In an attempt to be holy, some seek a degree in Spiritual Ophthalmology—and the tuition is cheapest at the Splinter Picker College. Graduates of this college feel they are righteous as long as they can help humanity by picking splinters out of other people’s eyes. The fact is, they should have attended the Big Beam School of Logging, where they would have learned about their own need for spiritual ophthalmology. It takes some dexterity but not much strength to lift a splinter. It takes a great deal more strength—and skill—if one has been impaled with a log.
Many experts in fault-finding or splinter-picking feel like they are helping others—while in fact they are often doing nothing more than damage. Fault-finders say they want to heal and improve things. They want things done the right way, the godly way. However they don’t have the finesse to pick splinters nor the strength to move logs. Expert faultfinders are rarely better than those they criticize and are generally impotent to do much except make other people feel bad. Fault-finding in the extreme can destroy almost anything, but the first things that it kills are joy and enthusiasm.
Let me tell you a story to illustrate what I call the stained glass syndrome.” A certain lady attended a church her entire life. She often sat in the pew and thought how wonderful it would be if the church had a beautiful stained glass window to let in some light. She would daydream about which biblical scene would gladden the hearts of the fellow worshippers. Before she died, she left a bequest to furnish her church with the big beautiful stained glass window she had pictured for so many years.
Some of the church members were excited, but others fretted. Among the fretters, some talked about how the money could be used for missions and others talked about how the money could be used to feed the poor. Several had ideas on how to better spend the money but since it was a bequest, the executor of the lady’s estate said it was a stained glass window or nothing. So they installed the window according to the benefactor’s specifications.
The window was a bright and beautiful depiction of the Savior welcoming the children. The quality of craftsmanship was impeccable. The beauty with which the idea was carried out was exquisite, almost beyond description. The stained glass window made the sanctuary brighter and cheerier than ever before. Yet those who had mumbled and grumbled before the window was installed did not seem to enjoy the brightness.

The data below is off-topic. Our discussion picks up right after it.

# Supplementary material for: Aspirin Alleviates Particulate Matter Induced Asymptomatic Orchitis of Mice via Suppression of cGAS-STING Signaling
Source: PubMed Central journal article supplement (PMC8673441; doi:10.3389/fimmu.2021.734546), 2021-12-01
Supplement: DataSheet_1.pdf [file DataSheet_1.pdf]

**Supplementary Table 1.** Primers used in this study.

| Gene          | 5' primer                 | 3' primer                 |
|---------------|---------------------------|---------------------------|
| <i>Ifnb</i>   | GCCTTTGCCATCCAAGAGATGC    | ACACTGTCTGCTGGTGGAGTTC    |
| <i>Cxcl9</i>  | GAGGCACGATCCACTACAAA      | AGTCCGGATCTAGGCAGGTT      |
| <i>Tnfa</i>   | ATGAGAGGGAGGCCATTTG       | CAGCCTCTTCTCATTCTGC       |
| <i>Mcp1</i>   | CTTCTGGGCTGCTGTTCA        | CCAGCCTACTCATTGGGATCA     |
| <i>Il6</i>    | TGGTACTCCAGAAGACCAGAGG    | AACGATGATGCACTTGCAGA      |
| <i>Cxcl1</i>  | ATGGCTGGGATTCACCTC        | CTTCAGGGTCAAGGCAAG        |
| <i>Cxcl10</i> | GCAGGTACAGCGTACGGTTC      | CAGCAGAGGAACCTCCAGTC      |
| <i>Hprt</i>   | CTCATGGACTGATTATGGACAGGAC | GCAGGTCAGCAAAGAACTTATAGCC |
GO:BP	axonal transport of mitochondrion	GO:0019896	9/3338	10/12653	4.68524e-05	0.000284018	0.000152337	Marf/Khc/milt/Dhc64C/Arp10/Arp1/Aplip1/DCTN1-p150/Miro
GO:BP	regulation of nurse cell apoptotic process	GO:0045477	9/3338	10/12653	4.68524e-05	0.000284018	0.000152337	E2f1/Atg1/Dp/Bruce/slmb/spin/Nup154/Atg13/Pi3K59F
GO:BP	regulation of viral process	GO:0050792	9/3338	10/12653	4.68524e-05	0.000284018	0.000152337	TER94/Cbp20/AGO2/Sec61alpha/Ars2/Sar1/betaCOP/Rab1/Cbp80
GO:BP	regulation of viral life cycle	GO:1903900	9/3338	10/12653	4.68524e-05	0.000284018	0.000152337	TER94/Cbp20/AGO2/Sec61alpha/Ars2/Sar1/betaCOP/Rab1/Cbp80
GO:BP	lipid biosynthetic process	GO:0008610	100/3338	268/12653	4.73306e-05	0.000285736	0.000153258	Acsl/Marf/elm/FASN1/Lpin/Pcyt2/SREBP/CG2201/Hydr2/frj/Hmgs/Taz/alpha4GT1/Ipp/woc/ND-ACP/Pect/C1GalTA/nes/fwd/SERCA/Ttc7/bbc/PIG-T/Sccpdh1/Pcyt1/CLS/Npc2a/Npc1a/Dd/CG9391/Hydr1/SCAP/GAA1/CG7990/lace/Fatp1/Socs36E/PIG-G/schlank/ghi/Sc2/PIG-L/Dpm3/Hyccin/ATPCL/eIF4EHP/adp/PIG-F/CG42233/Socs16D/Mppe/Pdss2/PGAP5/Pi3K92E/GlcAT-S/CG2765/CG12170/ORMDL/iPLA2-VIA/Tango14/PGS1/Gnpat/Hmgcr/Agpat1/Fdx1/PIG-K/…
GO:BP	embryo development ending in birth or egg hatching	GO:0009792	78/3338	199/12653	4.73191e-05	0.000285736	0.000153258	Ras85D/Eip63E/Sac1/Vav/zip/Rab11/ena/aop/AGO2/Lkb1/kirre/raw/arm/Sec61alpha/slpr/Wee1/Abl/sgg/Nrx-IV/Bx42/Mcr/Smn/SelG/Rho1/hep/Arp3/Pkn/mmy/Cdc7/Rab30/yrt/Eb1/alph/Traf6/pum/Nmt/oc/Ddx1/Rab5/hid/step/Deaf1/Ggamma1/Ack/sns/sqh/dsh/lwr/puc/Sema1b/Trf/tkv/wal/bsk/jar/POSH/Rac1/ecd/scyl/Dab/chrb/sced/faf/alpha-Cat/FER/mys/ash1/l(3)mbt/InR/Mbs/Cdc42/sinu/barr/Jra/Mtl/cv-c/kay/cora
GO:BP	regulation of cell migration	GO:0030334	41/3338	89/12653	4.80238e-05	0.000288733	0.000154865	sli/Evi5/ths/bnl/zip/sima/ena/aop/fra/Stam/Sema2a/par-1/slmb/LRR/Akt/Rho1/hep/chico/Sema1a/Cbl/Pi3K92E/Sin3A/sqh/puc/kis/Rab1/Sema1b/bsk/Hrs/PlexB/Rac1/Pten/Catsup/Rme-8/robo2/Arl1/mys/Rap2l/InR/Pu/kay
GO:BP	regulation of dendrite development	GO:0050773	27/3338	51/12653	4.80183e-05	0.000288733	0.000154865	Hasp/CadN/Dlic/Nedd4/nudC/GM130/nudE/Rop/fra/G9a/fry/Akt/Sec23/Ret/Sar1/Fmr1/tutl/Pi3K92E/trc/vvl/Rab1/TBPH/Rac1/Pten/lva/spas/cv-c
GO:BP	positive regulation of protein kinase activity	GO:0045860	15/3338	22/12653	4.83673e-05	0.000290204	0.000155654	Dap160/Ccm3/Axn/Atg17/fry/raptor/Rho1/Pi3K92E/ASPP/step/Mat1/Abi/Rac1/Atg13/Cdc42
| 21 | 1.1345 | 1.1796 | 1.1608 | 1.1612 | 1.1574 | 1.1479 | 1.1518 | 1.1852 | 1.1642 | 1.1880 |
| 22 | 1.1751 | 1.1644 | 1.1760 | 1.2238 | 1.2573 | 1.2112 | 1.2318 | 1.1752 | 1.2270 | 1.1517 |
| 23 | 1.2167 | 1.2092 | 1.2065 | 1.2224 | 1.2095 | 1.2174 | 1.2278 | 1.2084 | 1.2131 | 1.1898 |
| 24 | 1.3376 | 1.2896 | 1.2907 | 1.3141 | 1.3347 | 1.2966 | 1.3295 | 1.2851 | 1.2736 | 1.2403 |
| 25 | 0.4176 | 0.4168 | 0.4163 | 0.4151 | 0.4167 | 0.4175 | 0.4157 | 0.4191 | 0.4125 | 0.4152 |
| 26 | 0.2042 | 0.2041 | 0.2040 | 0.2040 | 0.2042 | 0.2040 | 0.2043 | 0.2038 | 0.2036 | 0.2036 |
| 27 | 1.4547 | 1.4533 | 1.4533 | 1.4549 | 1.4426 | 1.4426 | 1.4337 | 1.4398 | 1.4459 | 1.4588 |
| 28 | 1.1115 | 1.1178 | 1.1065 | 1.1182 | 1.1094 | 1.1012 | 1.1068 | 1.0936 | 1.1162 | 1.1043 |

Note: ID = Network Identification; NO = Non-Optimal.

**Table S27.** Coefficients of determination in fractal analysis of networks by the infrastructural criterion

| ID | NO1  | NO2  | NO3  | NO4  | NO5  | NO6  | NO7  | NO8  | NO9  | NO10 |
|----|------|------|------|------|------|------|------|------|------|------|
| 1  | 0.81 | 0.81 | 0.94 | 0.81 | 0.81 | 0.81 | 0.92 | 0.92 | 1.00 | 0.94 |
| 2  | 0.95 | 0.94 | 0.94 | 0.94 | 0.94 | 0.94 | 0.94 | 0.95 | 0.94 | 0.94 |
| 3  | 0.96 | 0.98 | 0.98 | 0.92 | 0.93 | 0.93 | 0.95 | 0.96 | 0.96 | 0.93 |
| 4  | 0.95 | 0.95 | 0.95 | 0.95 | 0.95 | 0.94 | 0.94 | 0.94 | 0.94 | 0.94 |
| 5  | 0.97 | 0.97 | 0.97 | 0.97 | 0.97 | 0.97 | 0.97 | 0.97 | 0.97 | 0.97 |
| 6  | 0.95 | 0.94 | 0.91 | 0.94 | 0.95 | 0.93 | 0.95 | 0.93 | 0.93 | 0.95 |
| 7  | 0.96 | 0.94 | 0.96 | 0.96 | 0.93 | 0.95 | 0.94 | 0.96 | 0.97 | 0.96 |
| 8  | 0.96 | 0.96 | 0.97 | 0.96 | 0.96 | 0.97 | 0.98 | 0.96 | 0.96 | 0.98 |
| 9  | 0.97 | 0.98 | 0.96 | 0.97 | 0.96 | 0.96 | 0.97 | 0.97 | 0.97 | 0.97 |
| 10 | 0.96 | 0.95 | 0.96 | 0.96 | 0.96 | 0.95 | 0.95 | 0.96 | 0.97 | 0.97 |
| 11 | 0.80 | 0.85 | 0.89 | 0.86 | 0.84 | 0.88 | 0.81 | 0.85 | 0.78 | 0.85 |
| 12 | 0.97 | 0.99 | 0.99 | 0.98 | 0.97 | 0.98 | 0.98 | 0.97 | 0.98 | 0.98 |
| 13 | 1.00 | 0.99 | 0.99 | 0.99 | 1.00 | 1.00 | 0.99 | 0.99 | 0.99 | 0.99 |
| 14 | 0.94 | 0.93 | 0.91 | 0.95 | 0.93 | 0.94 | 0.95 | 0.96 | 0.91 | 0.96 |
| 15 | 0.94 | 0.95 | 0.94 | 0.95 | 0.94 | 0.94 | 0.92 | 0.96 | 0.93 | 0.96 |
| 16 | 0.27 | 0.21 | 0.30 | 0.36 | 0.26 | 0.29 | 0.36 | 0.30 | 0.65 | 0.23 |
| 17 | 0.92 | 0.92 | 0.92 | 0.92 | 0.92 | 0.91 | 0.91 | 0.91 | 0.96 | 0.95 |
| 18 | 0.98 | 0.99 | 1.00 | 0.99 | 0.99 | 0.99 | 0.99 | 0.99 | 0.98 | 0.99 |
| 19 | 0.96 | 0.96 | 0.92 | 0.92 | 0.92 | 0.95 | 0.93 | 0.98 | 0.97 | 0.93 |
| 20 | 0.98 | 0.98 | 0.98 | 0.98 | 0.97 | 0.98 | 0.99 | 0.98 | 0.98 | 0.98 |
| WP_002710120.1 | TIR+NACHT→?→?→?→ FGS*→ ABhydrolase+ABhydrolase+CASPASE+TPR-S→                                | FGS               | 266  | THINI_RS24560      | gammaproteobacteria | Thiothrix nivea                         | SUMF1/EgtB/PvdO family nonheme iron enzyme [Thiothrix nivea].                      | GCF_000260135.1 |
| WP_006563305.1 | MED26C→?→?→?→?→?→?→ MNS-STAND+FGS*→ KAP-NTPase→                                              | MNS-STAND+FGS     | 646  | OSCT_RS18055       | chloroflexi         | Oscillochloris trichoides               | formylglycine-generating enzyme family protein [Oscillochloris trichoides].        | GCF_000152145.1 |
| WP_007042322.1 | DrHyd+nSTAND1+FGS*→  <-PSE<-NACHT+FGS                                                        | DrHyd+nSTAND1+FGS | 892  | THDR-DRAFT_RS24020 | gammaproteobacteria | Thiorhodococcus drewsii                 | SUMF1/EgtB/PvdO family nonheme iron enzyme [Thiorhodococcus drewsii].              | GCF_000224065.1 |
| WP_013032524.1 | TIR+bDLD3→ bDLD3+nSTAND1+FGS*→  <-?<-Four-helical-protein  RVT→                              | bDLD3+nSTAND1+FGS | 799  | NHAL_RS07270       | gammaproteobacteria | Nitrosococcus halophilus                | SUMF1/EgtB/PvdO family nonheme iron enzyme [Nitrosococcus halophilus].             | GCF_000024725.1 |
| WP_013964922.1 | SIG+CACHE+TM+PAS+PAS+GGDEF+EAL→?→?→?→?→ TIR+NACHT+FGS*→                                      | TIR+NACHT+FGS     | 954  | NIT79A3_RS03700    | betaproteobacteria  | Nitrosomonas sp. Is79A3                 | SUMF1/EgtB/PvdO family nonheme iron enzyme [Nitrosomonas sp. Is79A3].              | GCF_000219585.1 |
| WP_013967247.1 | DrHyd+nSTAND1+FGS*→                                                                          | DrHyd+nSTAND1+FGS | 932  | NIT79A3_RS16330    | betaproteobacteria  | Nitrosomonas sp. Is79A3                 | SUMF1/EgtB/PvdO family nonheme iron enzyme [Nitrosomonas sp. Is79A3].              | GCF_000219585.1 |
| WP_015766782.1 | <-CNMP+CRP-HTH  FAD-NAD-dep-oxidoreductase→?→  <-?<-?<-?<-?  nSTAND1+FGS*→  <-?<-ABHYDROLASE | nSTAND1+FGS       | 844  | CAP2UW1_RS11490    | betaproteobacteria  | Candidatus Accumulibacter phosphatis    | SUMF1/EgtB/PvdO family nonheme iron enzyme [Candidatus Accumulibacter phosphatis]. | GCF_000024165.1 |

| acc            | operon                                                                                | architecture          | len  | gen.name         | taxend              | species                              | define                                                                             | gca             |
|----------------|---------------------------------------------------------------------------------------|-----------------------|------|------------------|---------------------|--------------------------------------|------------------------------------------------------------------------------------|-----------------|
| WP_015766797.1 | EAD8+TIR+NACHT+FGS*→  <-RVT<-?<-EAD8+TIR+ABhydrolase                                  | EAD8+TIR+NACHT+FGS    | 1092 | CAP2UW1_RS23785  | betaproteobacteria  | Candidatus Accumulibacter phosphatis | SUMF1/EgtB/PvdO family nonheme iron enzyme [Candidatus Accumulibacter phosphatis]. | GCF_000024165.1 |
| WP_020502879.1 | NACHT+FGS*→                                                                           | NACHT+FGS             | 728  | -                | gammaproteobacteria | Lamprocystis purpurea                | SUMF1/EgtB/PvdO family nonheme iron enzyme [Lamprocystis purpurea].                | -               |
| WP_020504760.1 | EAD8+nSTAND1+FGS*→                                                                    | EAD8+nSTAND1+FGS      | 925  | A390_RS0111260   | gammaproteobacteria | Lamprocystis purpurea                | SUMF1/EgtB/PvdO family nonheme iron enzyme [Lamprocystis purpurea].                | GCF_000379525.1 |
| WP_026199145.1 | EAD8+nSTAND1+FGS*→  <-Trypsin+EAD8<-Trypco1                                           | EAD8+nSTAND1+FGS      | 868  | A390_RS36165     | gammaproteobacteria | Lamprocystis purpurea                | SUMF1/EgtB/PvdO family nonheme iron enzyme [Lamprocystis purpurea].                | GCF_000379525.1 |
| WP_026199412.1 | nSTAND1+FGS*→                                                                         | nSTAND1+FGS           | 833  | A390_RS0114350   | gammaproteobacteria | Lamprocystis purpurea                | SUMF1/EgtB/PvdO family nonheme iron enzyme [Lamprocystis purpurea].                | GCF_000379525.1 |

Because the window was so beautiful, many people visited the church just to see this splendid work of art. Some stayed and worshiped, and some believed. The minister was delighted to find his hands full with teaching new Christians about the faith. But some felt that the church had become too worldly by having something so beautiful that unsaved people would come to look at it. And as for the new believers, well, they were viewed by some as invaders who didn’t talk, act or dress like church members should—not to mention the fact that they took up an awful lot of the minister’s time and attention.
So one day a committee of “doctors,” that is, self-appointed spiritual ophthalmologists, decided to do something about it. They called a church business meeting to discuss removing the window. They couldn’t get the church people excited against the stained glass window, so one night, they did the only thing possible to save their church. They came with hammers and broke out every shard of the beautiful window until not one piece of glass was left in the frame. They were not as good at putting in windows as they were at breaking them out. They did put up some plywood to keep the rain out and reasoned that when they obtained some money they would have it replaced professionally with a proper, plain window.
The next Sunday people gasped as they entered the darkened sanctuary and saw cheap plywood where there had once been a beautiful stained glass window. Those who had broken the window were quick to take credit as they explained to the rest of the church how they had done this for the good of all.
Many people left, shocked at the violent way that a small group had forced their views on the rest of the church. With the smaller congregation, offerings were down and there didn’t seem to be the money or the will to replace the window. With so little light entering the sanctuary, many people had trouble reading their Bibles. Frustration led to more departures and the eventual closing of the church—which later became a furniture store.
This parable has a sad ending, but happy are the people who learn from sad experiences that it is best to leave spiritual ophthalmology to God.